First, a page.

Stairs on an EscalatorDate: 05/21/2001 at 04:15:17 From: Dario Subject: Problem Solving Hello. I have a problem that I cannot get my head around. It goes like this. A woman is walking down a downward-moving escalator and steps down 10 steps to reach the bottom. Just as she reaches the bottom of the escalator, a sale commences on the floor above. She runs back up the downward moving escalator at a speed five times that which she walked down. She covers 25 steps in reaching the top. How many steps are visible on the escalator when it is switched off? Could you please explain to me how this is done? I find it puzzling! Thank you for any help you can provide, -Dario Date: 05/22/2001 at 13:39:39 From: Doctor Greenie Subject: Re: Problem Solving Hello, Dario - Thanks for sending your question to us here at Dr. Math. I had some fun (and a few mild headaches) searching for the solution to your problem. I agree - it is puzzling! If you can see through the wording to set up your equations correctly, there are probably easier ways to solve this problem than the way I did it, but here is my solution method. Let x be the number of steps showing on the escalator when it is stopped. Also, suppose that, when the escalator is running, the steps move at n steps per second. On the trip down the escalator, the woman steps down 10 of the steps, so the number of steps the escalator moves in that time is x-10. With the escalator running at n steps per second, the time required for the woman to walk down the moving escalator is (x-10)/n seconds. When the sale starts and she turns around and runs up the downward- moving escalator, she moves 5 times as fast as on the way down. But she only covers half of 5 times as many steps; so the time required to reach the top is one-half of the time required for the trip down, and the trip up the escalator takes (x-10)/(2n) seconds. With the escalator moving at n steps per second, it will move (x-10)/2 steps in the (x-10)/(2n) seconds it takes the woman to run up. So the number of steps the woman must run up is the number of steps showing when the escalator is still, plus the number of steps the escalator moves while the woman is running up; and we are told that in running up the escalator she goes up 25 steps. So we have an equation which we can solve for x to get the answer to the problem: x + (x-10)/2 = 25 I hope this helps. Write back if you have any further questions on this problem. - Doctor Greenie, The Math Forum http://mathforum.org/dr.math/ Date: 05/23/2001 at 15:05:00 From: Doctor Greenie Subject: Re: Problem Solving Hello again, Dario - Here is another explanation of this problem that is perhaps a bit easier to understand than the first one I gave. Let x be the number of stairs visible on the escalator when it is stopped. Let r be the rate (number of stairs per second) at which the escalator moves when it is running. The woman walks down the escalator at one rate and runs back up the escalator at a rate 5 times as fast; as we showed before, the time she takes walking down is twice as much as the time she takes running back up. Let t be the time (seconds) she takes to run up; then 2t is the time she takes to walk down. In walking down the escalator, the number of stairs she walks down is equal to the number of stairs on the stopped escalator, minus the number of stairs that the escalator moves in the time 2t; we are told she walks down 10 steps. So we have: x - (r)(2t) = 10 ..............................[1] In running up the escalator, the number of stairs she runs up is equal to the number of stairs on the stopped escalator, plus the number of stairs that the escalator moves in time t; we are told that she runs up 25 stairs. So we have: x + (r)(t) = 25 ...............................[2] We can solve equations [1] and [2] simultaneously by getting the "rt" terms to drop out: x - 2rt = 10 2x + 2rt = 50 -------------- 3x = 60 x = 20 Thanks again for sending us your unusual problem. - Doctor Greenie, The Math Forum http://mathforum.org/dr.math/ Date: 06/08/2003 at 05:59:49 From: Doctor Anthony Subject: Re: Problem Solving Here is another way to solve the problem. Let s = the number of steps on the stationary escalator. u = the speed of escalator v = the speed of woman walking down, relative to escalator The time while the woman moves down 10 steps equals the time that the escalator moves s-10 steps. Also the time that woman moves 25 steps equals the time that the escalator moves 25-s steps. s-10 10 25-s 25 5 ----- = ---- and ---- = ---- = --- u v u 5v v Dividing the equations we get s-10 10 ---- = --- = 2 25-s 5 s - 10 = 50 - 2s 3s = 60 s = 20 - Doctor Anthony, The Math Forum http://mathforum.org/dr.math/ Date: 06/09/2003 at 10:55:37 From: Doctor Ian Subject: Re: Problem Solving For those who prefer the straightforward, plodding approach, suppose N is the number of steps visible when the escalator isn't moving. On the way down, the woman moves N steps in t seconds, and the escalator moves (N-10) steps in the same time: distance = rate * time = [10/t + (N-10)/t]*t On the way up, the woman moves at 5 times her former rate, while the escalator continues to move as before. This time, they're working against each other: distance = rate * time = [50/t - (N-10)/t]*T So have two equations, and three unknowns (N, t, and T). Holy underconstrained system, Batman! What now? Suppose she spent the same amount of time running up as she spent running down. She would cover 50 steps, right? But she only covers 25 steps, so she must spend half as much time running up as she spends running down, and the time required to reach the top is one-half of the time required for the trip down. So we really only have two unknowns, and if we set the distance up equal to the distance down we have [10/t + (N-10)/t]*t = [50/t - (N-10)/t]*(t/2) The t's cancel, 10 + (N-10) = [50 - (N-10)]*(1/2) and now we just have to solve for N. - Doctor Ian, The Math Forum http://mathforum.org/dr.math/ |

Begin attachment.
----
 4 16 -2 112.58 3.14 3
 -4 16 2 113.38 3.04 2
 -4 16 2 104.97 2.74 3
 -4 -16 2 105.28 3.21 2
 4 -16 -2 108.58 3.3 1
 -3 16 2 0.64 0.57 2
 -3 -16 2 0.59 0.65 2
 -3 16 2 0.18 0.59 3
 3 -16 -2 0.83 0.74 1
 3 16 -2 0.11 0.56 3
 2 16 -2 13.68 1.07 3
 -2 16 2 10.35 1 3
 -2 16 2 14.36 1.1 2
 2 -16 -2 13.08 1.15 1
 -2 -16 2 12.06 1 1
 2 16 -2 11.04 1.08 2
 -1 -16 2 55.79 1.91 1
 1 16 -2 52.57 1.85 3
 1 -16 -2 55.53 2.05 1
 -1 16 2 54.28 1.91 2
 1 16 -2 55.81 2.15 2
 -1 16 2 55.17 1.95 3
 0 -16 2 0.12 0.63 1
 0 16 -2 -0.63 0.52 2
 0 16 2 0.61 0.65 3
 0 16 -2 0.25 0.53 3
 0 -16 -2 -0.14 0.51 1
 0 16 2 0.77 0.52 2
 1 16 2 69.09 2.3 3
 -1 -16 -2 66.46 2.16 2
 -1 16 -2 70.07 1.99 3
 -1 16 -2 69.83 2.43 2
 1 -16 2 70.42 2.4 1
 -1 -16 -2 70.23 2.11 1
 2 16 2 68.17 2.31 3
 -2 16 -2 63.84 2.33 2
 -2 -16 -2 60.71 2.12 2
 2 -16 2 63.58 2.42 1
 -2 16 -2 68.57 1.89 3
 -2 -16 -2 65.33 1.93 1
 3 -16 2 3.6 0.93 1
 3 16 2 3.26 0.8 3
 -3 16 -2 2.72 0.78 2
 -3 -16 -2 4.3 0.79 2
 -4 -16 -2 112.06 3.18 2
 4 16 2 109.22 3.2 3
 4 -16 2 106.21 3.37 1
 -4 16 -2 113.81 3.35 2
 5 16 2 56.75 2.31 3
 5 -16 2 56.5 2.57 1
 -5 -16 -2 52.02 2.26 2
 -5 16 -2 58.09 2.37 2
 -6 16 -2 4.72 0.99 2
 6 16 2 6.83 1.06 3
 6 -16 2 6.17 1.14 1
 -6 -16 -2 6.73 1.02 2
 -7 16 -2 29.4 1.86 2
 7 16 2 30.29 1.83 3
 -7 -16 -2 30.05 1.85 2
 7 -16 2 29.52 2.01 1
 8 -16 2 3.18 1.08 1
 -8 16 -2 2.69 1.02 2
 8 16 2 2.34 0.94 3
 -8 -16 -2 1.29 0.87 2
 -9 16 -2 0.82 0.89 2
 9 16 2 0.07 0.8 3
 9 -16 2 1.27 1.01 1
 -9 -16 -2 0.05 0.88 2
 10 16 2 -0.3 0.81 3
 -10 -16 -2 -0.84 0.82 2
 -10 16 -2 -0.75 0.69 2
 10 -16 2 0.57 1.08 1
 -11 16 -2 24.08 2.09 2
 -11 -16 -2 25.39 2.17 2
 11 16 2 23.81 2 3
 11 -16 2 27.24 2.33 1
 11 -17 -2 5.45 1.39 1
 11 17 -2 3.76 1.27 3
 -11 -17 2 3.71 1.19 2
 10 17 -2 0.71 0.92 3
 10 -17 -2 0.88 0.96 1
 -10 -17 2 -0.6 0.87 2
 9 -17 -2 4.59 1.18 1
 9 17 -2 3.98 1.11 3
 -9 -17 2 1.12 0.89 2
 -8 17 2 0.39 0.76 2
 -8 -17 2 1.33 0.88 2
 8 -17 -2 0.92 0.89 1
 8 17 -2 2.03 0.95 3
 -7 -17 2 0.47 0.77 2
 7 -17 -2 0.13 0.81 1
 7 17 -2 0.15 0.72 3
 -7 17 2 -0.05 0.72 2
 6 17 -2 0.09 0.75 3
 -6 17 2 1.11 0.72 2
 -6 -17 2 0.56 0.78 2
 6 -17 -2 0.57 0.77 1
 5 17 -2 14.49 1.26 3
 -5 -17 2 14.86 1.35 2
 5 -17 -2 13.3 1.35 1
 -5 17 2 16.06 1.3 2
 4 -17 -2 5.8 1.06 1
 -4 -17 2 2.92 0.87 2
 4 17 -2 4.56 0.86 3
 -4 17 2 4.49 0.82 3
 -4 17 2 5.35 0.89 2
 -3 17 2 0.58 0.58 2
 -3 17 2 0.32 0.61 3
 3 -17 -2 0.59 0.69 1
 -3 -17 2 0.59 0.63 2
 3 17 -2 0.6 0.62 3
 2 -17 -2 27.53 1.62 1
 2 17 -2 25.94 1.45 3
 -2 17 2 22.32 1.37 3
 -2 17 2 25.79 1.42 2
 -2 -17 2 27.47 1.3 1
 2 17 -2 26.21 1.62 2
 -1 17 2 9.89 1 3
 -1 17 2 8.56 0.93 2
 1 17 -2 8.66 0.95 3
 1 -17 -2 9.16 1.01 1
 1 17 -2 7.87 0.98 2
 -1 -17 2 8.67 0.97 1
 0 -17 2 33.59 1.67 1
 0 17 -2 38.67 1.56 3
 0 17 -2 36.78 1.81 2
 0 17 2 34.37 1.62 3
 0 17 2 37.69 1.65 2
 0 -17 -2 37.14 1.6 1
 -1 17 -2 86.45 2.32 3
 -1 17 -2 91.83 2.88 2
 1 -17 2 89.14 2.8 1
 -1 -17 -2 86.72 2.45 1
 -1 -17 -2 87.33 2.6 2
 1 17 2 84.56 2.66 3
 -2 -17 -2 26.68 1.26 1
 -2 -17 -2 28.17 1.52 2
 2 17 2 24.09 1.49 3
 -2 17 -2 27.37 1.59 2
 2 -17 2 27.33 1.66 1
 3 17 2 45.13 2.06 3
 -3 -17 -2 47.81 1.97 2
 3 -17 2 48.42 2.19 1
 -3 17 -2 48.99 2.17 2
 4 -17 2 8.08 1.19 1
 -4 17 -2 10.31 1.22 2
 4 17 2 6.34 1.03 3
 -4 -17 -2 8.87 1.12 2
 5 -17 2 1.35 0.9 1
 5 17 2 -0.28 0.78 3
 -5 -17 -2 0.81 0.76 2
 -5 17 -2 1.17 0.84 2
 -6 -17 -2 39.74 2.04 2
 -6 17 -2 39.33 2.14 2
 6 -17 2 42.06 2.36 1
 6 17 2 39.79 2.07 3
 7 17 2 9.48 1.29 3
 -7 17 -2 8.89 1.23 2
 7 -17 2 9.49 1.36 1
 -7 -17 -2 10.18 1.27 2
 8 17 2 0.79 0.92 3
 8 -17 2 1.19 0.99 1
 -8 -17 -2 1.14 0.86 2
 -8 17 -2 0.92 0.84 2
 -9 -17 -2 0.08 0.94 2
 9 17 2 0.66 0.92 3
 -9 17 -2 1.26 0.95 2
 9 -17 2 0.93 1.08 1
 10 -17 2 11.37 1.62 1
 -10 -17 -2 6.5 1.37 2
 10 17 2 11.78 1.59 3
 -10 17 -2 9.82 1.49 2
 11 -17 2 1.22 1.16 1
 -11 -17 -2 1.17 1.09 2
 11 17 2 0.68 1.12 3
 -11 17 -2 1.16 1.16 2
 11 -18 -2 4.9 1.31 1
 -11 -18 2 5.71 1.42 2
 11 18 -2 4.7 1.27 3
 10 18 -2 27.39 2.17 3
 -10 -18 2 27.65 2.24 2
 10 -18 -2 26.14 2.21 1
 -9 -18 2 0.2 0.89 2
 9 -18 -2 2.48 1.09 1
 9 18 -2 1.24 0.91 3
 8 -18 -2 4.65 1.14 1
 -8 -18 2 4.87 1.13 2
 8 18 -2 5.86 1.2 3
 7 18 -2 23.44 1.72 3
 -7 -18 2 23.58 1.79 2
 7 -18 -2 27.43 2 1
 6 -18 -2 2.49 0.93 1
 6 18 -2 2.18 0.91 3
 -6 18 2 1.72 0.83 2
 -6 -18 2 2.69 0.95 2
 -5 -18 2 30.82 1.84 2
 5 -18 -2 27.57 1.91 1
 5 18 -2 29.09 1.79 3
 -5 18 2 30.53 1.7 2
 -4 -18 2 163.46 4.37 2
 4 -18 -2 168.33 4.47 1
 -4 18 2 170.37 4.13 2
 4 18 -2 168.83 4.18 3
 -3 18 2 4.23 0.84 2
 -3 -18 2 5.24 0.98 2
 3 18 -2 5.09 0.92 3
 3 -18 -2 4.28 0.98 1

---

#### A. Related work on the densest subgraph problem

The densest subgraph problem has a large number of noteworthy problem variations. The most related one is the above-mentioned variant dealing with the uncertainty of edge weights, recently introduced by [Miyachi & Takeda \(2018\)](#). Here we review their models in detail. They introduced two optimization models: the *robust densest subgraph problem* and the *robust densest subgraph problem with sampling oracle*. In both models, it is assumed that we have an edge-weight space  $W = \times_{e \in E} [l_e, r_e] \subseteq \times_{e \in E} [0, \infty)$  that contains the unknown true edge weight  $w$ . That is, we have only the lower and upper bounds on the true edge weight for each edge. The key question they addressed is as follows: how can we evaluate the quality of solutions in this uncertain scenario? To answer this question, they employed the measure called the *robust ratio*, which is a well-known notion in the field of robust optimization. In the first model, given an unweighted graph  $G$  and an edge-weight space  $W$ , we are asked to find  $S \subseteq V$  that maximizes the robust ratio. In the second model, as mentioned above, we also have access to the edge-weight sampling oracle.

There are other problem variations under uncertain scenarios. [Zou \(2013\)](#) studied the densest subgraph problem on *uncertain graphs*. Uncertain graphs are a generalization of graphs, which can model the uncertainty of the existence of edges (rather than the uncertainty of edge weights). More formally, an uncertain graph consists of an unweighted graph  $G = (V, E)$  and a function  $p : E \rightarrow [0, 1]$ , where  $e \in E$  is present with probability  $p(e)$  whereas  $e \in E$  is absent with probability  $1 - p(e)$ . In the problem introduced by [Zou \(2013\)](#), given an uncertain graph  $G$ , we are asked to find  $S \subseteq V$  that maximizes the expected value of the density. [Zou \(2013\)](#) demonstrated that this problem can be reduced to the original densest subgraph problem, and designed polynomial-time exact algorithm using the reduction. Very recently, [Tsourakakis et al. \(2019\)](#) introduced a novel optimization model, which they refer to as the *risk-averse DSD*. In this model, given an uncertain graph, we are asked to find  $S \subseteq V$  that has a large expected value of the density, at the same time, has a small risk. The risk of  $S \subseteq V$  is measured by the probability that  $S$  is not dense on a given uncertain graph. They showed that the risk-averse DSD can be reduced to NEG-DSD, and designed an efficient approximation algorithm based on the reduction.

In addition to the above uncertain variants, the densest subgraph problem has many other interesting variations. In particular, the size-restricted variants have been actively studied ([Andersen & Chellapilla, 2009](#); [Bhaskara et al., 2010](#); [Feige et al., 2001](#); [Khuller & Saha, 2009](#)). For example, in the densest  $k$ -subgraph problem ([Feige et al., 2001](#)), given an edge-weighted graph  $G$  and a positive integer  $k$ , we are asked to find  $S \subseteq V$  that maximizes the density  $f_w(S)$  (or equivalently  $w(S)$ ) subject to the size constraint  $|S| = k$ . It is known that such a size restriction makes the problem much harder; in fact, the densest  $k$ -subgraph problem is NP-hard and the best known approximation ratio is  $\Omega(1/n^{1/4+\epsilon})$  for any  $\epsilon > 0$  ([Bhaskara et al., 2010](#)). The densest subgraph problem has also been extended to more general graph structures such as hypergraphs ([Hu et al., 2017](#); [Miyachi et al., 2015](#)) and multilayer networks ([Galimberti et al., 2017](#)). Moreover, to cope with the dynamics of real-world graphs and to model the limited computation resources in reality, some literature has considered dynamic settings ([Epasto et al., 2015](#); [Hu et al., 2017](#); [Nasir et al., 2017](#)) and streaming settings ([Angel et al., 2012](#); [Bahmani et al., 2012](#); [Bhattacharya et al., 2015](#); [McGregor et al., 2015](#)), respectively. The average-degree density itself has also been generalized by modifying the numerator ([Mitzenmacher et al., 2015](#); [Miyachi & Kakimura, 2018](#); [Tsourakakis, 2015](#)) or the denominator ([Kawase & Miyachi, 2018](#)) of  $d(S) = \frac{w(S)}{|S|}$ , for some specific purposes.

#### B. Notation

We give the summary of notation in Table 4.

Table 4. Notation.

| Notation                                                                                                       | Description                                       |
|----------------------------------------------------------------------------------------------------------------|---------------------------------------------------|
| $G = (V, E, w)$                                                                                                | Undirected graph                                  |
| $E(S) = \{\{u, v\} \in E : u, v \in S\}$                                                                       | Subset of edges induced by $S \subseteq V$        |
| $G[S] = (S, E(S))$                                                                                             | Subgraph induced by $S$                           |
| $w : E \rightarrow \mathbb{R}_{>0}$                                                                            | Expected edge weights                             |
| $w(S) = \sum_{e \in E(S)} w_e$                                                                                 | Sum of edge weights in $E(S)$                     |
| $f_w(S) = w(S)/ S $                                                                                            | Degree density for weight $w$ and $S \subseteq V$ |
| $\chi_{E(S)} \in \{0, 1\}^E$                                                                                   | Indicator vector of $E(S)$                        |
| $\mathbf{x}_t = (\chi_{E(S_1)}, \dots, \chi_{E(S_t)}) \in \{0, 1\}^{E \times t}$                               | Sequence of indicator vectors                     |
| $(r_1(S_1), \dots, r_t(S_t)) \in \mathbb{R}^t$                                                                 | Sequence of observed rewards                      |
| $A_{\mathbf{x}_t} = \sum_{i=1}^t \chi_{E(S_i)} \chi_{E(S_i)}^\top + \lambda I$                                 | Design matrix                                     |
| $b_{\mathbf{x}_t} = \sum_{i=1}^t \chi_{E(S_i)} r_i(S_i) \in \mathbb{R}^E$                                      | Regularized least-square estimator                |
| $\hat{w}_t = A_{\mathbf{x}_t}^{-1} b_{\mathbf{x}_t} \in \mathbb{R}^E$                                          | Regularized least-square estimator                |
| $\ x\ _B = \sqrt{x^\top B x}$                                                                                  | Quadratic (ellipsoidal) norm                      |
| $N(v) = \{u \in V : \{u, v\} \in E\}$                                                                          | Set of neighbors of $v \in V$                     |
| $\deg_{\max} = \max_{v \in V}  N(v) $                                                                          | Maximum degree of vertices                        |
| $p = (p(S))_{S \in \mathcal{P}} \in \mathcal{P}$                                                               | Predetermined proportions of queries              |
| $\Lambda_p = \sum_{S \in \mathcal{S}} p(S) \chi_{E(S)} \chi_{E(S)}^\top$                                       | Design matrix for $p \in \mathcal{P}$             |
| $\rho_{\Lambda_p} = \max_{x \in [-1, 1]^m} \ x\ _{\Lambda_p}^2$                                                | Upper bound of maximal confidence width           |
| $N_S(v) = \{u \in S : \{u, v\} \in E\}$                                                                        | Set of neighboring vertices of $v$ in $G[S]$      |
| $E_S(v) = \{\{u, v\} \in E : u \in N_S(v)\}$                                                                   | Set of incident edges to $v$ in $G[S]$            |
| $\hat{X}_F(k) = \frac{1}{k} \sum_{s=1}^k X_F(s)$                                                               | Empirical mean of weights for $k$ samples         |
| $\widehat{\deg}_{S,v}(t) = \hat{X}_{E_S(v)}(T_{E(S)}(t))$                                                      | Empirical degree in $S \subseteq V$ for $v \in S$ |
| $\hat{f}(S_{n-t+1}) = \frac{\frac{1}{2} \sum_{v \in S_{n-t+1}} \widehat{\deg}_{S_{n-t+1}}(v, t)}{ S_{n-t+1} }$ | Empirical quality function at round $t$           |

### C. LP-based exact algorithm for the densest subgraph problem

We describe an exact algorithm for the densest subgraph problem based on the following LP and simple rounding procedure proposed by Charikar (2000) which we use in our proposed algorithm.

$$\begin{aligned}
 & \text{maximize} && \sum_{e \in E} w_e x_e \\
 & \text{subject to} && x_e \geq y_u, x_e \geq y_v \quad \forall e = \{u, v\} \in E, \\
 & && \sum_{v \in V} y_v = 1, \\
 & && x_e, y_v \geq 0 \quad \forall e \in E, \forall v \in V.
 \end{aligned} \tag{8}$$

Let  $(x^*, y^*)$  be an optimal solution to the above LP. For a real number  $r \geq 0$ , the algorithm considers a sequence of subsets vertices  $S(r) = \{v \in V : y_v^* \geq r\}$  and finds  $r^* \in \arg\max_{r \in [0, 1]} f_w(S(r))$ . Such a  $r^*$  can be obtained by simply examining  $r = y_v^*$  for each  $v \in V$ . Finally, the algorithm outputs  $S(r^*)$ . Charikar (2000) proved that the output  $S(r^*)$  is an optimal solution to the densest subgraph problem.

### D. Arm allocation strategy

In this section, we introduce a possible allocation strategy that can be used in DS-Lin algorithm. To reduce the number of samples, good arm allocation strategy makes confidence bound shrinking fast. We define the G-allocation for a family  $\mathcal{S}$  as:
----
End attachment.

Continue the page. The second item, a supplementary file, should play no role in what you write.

Search the Dr. Math Library: |
[Privacy Policy] [Terms of Use]
Ask Dr. Math^{TM}
© 1994-2015 The Math Forum
http://mathforum.org/dr.math/